Good luck, Layla. Good luck, Layla's former owner.


Thursday, March 26, 2009

Little gifts from little people

The youngest just brought me this daffodil from the backyard. He insisted I use that little vase for it. It's beaming at me from the window sill above the kitchen sink now. I'm beaming back.

The devil lives in my neighbor's yard

Forsyth County Daily Pollen Report

Off to take Claritin and start cooking this for dinner. Back when the meat's in the oven and I can go five minutes without pressing somewhere on my face and groaning.

update: Y'all. I just shredded the whole roast with THE SIDE OF A FORK. Gah! And the taste? BOMB DIGGITY.

Opening for the first time tomorrow @ 10 am

Karen Gray's long-awaited brick and mortar location opens tomorrow in Reynolda Village. Like everything Karen does, it's gorgeous.

Karen Gray Design
Reynolda Village

Wednesday, March 25, 2009

Mark your calendar

click to enlarge

You're invited! Volunteers for setup and cleanup are also needed; please contact Lillie's Friends if you can assist.

Lillie's Friends Foundation
Children's Museum of Winston-Salem
Big Bang Boom (opens with music)

On the cash register@ Skippy's

Fresh Market

I'm here today just to buy M&Ms for a wedding in the youngest's kindy classroom (the letters Q and U are getting hitched), but I'm coming back to get these for the Easter baskets.

So $25 = $300

If you have been considering making a financial donation to Second Harvest Food Bank of Northwest NC, now is the time. Likewise, if your community group or school is considering a can drive, please consider a coin drive instead to maximize the effects of your efforts.

1. First, an anonymous local donor has contributed up to $50,000 to match $1 for every $2 donated. These gifts must be in by June 30, 2009 in order to be matched.

2. The Rhode Island-based Feinstein Foundation is offering limited matching funds on a nationwide basis to hunger-relief organizations that increase donations during the months of March and April.

Together, with these very timely challenge grants, we can attack the serious, growing challenges presented by hunger. For every dollar donated, Second Harvest Food Bank of Northwest NC will secure and distribute $12.00 worth of food to feed those who suffer from hunger.

And huge appreciation for the anonymous local donor who in this economy chose to invest his/her money in the community.

donate online
Second Harvest Food Bank of Northwest NC
The Feinstein Foundation (opens with sound)

Tuesday, March 24, 2009

And the winner is...

(of the Local Passive-Aggression Contest)

First, let me present our judge, who is utterly gracious and so far from passive-aggressive that it is laughable. And yet, when I presented the idea of judging a P-A contest some weeks ago, her eyes lit up like it was Christmas. Put your passive-aggressive hands together for the editor of local publication Winston-Salem Monthly, Ms. Lauren Rippey!

And now, Lauren's decision... (drumroll, please)

Winner: #8 Esbee note: Dee

White Stripes are:
a) A rock band from Detroit
b) The result of uneven application of a self-tanning product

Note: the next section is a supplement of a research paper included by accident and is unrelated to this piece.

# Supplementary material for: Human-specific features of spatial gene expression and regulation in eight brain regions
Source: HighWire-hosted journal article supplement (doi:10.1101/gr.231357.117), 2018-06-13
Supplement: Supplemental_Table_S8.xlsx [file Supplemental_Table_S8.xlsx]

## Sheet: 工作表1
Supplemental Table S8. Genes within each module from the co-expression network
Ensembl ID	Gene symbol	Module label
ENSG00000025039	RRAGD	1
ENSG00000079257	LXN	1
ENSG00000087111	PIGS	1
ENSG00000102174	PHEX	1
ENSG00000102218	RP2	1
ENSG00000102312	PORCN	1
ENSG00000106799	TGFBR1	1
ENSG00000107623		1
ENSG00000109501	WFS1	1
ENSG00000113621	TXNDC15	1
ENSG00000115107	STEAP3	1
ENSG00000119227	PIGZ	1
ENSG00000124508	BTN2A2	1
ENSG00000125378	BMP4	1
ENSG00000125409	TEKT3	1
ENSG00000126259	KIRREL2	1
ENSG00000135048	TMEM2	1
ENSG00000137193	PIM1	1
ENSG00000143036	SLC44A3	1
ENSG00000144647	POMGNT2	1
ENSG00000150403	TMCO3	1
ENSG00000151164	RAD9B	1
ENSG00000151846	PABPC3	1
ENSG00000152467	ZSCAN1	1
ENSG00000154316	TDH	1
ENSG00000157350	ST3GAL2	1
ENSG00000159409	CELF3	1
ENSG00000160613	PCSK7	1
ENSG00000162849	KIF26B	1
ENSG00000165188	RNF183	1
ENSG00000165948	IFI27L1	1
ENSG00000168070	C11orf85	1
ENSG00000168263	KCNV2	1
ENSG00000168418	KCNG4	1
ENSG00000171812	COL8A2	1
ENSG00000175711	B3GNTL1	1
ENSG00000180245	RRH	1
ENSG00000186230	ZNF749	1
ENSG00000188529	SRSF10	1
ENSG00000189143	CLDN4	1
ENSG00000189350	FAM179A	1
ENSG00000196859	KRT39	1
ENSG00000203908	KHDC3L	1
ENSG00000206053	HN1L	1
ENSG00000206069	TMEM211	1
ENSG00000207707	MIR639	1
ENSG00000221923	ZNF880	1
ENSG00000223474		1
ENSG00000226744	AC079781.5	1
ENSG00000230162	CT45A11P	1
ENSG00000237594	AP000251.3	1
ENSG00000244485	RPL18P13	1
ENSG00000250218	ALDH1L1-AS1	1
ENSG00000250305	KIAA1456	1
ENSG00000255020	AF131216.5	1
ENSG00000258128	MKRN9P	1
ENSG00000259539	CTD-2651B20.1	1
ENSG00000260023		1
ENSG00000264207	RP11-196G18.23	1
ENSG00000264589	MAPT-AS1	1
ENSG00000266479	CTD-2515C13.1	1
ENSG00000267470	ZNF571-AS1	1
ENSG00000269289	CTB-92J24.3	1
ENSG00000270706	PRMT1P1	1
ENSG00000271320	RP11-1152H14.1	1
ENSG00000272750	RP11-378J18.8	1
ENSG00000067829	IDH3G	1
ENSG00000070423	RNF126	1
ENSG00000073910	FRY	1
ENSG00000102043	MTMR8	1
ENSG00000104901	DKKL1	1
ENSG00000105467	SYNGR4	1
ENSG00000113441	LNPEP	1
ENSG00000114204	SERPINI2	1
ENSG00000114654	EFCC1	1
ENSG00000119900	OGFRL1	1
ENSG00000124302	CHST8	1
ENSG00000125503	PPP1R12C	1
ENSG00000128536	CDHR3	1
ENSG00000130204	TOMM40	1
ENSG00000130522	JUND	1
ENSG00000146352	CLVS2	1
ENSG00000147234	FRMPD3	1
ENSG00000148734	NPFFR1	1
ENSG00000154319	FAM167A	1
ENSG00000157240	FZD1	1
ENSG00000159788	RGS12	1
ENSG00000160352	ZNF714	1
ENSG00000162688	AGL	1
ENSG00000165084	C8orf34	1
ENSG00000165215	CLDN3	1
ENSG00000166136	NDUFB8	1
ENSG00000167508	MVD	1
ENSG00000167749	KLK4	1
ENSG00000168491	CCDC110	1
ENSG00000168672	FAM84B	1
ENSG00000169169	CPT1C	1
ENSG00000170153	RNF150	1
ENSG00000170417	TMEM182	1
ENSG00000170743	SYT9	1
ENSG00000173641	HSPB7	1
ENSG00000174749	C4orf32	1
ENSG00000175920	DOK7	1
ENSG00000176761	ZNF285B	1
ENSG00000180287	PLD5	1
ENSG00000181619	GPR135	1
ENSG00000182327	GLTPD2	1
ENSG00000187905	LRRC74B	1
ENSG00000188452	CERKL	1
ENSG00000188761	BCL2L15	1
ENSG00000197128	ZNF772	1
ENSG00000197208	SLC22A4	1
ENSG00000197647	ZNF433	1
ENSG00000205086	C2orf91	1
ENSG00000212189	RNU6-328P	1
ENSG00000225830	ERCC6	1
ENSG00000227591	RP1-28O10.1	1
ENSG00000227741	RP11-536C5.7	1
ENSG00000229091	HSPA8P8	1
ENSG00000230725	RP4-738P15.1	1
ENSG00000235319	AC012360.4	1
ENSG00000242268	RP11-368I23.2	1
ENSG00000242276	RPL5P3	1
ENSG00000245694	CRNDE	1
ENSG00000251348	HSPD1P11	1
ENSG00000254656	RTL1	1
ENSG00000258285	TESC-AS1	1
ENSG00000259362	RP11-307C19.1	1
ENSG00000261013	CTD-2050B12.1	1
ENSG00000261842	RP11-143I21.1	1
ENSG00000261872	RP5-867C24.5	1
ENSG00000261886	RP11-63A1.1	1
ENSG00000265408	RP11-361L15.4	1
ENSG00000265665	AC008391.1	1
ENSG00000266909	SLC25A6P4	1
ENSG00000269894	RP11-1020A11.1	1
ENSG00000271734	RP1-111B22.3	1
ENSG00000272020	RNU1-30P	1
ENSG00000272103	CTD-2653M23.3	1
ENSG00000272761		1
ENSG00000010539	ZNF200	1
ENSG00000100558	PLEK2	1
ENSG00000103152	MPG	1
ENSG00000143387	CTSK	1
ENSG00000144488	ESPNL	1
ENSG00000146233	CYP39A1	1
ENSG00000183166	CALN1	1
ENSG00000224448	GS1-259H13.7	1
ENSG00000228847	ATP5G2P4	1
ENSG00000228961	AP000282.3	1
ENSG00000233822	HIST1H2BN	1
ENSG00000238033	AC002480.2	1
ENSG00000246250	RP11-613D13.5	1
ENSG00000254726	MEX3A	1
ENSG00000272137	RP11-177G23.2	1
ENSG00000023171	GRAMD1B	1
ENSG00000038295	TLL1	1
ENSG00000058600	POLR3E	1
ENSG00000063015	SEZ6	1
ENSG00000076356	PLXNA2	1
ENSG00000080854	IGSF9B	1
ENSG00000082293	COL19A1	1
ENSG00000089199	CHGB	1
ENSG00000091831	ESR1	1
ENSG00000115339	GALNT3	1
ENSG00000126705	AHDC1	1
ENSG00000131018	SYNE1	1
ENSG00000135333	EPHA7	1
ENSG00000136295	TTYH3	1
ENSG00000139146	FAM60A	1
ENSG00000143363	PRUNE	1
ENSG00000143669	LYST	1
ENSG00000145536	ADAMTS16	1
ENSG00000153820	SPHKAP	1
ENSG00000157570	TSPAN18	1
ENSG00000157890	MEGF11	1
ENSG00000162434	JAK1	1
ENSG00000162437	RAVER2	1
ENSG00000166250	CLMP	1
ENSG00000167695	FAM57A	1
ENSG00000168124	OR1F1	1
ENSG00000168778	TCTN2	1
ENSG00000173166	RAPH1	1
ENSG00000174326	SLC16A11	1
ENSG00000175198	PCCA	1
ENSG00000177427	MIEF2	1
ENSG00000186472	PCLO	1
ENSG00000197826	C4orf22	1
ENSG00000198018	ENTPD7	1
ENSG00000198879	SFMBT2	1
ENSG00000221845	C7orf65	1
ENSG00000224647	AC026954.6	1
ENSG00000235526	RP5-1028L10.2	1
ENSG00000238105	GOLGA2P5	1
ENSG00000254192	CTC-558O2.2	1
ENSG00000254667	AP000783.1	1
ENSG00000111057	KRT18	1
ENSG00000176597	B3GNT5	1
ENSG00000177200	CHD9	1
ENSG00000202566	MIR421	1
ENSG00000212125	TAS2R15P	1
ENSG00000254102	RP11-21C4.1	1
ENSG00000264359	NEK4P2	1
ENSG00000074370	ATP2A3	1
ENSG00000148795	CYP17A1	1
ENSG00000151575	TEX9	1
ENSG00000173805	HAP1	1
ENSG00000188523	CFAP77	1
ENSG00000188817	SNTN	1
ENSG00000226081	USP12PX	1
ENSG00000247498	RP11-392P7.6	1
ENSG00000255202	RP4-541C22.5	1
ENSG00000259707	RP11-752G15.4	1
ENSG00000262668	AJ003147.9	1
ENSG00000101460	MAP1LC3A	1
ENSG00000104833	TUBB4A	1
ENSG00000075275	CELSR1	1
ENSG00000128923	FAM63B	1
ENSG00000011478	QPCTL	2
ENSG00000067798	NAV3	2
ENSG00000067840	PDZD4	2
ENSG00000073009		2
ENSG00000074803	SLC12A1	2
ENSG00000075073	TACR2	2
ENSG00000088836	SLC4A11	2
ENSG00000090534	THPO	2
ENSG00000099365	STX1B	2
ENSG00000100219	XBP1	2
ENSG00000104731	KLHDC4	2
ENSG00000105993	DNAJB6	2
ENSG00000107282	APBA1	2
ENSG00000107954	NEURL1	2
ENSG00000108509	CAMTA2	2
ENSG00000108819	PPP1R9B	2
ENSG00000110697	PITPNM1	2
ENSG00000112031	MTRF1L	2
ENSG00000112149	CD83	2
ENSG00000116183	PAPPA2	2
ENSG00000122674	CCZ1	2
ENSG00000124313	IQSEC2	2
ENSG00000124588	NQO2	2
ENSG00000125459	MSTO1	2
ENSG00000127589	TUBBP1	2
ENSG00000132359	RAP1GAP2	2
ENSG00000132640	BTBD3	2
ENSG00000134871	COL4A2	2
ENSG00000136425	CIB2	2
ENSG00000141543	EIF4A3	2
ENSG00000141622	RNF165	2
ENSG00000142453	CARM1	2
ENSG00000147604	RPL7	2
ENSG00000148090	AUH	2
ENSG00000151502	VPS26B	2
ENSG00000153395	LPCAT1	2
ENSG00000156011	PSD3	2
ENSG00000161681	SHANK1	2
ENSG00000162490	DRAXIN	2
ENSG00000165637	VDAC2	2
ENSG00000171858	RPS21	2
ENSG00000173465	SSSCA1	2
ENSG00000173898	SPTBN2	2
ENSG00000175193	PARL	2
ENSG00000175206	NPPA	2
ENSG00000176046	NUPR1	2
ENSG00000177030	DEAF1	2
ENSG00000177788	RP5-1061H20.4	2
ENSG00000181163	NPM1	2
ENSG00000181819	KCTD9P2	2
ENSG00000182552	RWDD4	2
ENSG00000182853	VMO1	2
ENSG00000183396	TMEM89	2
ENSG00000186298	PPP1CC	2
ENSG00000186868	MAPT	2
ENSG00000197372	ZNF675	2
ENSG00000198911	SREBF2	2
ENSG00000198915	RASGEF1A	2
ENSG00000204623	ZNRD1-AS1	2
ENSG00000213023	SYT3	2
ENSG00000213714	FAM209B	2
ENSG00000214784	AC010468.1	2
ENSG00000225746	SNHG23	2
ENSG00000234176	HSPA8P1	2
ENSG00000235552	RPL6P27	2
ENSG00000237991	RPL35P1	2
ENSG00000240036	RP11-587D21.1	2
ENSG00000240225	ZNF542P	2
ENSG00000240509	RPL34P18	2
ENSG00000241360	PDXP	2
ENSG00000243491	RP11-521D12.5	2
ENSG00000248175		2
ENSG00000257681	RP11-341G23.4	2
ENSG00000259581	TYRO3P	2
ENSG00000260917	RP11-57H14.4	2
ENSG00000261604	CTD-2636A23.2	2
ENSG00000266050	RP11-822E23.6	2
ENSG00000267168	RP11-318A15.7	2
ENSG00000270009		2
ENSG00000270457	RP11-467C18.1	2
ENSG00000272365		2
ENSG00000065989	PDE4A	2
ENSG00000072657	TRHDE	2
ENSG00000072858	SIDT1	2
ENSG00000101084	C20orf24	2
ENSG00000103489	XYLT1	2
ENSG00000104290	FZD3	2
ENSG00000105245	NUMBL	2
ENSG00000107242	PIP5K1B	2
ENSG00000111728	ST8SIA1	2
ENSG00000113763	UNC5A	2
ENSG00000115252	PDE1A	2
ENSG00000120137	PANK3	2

c) Indications of legal parking spaces which you choose to ignore
d) All of the above

A close runner-up: #4 Esbee note: Anonymous "T"

Sorry, I must have been on break when you pulled up.

Your Friendly (insert business here) Valet Parking Attendant

That said, I also have to applaud the rhyming efforts of #7. Impressive. Esbee note: KT

Congratulations, Dee! Email me to arrange delivery of your $10 Target giftcard.

Kudos also to and KT for their also powerfully passive-aggressive entries.

Elizabeth's on Reynolda

My mother's childhood bedroom in Ocala smelled like hot, dry wood, old books, and crisply ironed cotton all mixed together. I just caught a whiff of it here.

The Buena Vista Garden, by Yarddawg

Bradford Pear Tree, Or Is It Fish Food On A Limb

The warm temperatures lately really have things blooming including, depending on your perspective, the famous or infamous Bradford Pear. Over the years this flowering tree was way over-planted long before and too late before many realized the tree had a very serious weakness. The tree will literally fall apart with the weight of snow or ice, or in windy or just mildly breezy conditions. Sometimes it simply self destructs JUST because. Nevertheless many remain enchanted by the easy to grow nature, the lily white booms, and the striking fall colors of this tree.

Another, less discussed, but growing complaint – is it because there are just too many of them? - is that unique Bradford Pear “fragrance”. A good read about this is found at The Grumpy Gardener Blog, posted by Steve Bender at Southern Living. The Tuna on a trunk reference is perhaps the most original description I’ve heard concerning the smell.

Good or bad, if you have a Bradford Pear story or would like to share your experiences with this much maligned tree, I‘d be interested in your opinions. Do you, or do you not, like them?
- Yarddawg

(Esbee note: loathe them.)

T minus 22 days

Tax forms, Reynolda Manor Branch Library

Free tax assistance will be available for eligible Forsyth County residents, individuals and families, who earned up to $ 42,000.00 in 2008. Volunteer Income Tax Assistance (VITA) and American Association of Retired Persons (AARP) will provide trained volunteers to prepare state and federal income tax returns at the Forsyth County Public Library and other sites throughout the county.

complete info, including location, dates, and what to bring

Monday, March 23, 2009

Don't mess with Amber